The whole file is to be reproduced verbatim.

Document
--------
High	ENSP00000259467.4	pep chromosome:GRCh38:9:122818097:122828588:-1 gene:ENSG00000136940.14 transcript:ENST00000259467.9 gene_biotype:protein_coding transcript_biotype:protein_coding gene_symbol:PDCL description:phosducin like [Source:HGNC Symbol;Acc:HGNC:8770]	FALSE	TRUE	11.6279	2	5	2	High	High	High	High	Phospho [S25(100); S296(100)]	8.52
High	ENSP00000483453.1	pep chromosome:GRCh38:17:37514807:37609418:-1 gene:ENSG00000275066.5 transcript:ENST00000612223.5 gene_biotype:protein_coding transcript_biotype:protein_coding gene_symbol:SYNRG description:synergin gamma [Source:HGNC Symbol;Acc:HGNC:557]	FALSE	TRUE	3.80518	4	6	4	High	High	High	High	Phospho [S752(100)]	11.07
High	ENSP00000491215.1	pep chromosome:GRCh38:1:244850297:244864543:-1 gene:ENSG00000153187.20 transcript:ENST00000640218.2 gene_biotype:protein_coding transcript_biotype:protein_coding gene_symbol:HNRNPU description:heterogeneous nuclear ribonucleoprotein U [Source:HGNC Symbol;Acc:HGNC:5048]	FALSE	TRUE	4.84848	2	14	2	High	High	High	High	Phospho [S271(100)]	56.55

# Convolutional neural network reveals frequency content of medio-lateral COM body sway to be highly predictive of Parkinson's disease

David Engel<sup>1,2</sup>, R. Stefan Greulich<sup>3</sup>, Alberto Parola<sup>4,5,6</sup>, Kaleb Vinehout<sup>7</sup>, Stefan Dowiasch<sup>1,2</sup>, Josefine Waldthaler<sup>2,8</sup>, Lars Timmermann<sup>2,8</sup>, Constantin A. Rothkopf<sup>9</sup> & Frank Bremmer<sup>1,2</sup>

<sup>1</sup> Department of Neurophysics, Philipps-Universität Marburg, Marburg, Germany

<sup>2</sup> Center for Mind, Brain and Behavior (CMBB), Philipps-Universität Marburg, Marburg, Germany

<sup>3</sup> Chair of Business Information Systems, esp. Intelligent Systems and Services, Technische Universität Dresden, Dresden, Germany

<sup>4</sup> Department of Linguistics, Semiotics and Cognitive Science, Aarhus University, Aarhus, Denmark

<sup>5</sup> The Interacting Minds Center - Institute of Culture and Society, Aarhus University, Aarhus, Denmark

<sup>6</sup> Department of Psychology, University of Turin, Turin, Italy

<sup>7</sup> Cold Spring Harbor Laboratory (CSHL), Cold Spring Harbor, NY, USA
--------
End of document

High	ENSP00000259467.4	pep chromosome:GRCh38:9:122818097:122828588:-1 gene:ENSG00000136940.14 transcript:ENST00000259467.9 gene_biotype:protein_coding transcript_biotype:protein_coding gene_symbol:PDCL description:phosducin like [Source:HGNC Symbol;Acc:HGNC:8770]	FALSE	TRUE	11.6279	2	5	2	High	High	High	High	Phospho [S25(100); S296(100)]	8.52
High	ENSP00000483453.1	pep chromosome:GRCh38:17:37514807:37609418:-1 gene:ENSG00000275066.5 transcript:ENST00000612223.5 gene_biotype:protein_coding transcript_biotype:protein_coding gene_symbol:SYNRG description:synergin gamma [Source:HGNC Symbol;Acc:HGNC:557]	FALSE	TRUE	3.80518	4	6	4	High	High	High	High	Phospho [S752(100)]	11.07
High	ENSP00000491215.1	pep chromosome:GRCh38:1:244850297:244864543:-1 gene:ENSG00000153187.20 transcript:ENST00000640218.2 gene_biotype:protein_coding transcript_biotype:protein_coding gene_symbol:HNRNPU description:heterogeneous nuclear ribonucleoprotein U [Source:HGNC Symbol;Acc:HGNC:5048]	FALSE	TRUE	4.84848	2	14	2	High	High	High	High	Phospho [S271(100)]	56.55

# Convolutional neural network reveals frequency content of medio-lateral COM body sway to be highly predictive of Parkinson's disease

David Engel<sup>1,2</sup>, R. Stefan Greulich<sup>3</sup>, Alberto Parola<sup>4,5,6</sup>, Kaleb Vinehout<sup>7</sup>, Stefan Dowiasch<sup>1,2</sup>, Josefine Waldthaler<sup>2,8</sup>, Lars Timmermann<sup>2,8</sup>, Constantin A. Rothkopf<sup>9</sup> & Frank Bremmer<sup>1,2</sup>

<sup>1</sup> Department of Neurophysics, Philipps-Universität Marburg, Marburg, Germany

<sup>2</sup> Center for Mind, Brain and Behavior (CMBB), Philipps-Universität Marburg, Marburg, Germany

<sup>3</sup> Chair of Business Information Systems, esp. Intelligent Systems and Services, Technische Universität Dresden, Dresden, Germany

<sup>4</sup> Department of Linguistics, Semiotics and Cognitive Science, Aarhus University, Aarhus, Denmark

<sup>5</sup> The Interacting Minds Center - Institute of Culture and Society, Aarhus University, Aarhus, Denmark

<sup>6</sup> Department of Psychology, University of Turin, Turin, Italy

<sup>7</sup> Cold Spring Harbor Laboratory (CSHL), Cold Spring Harbor, NY, USA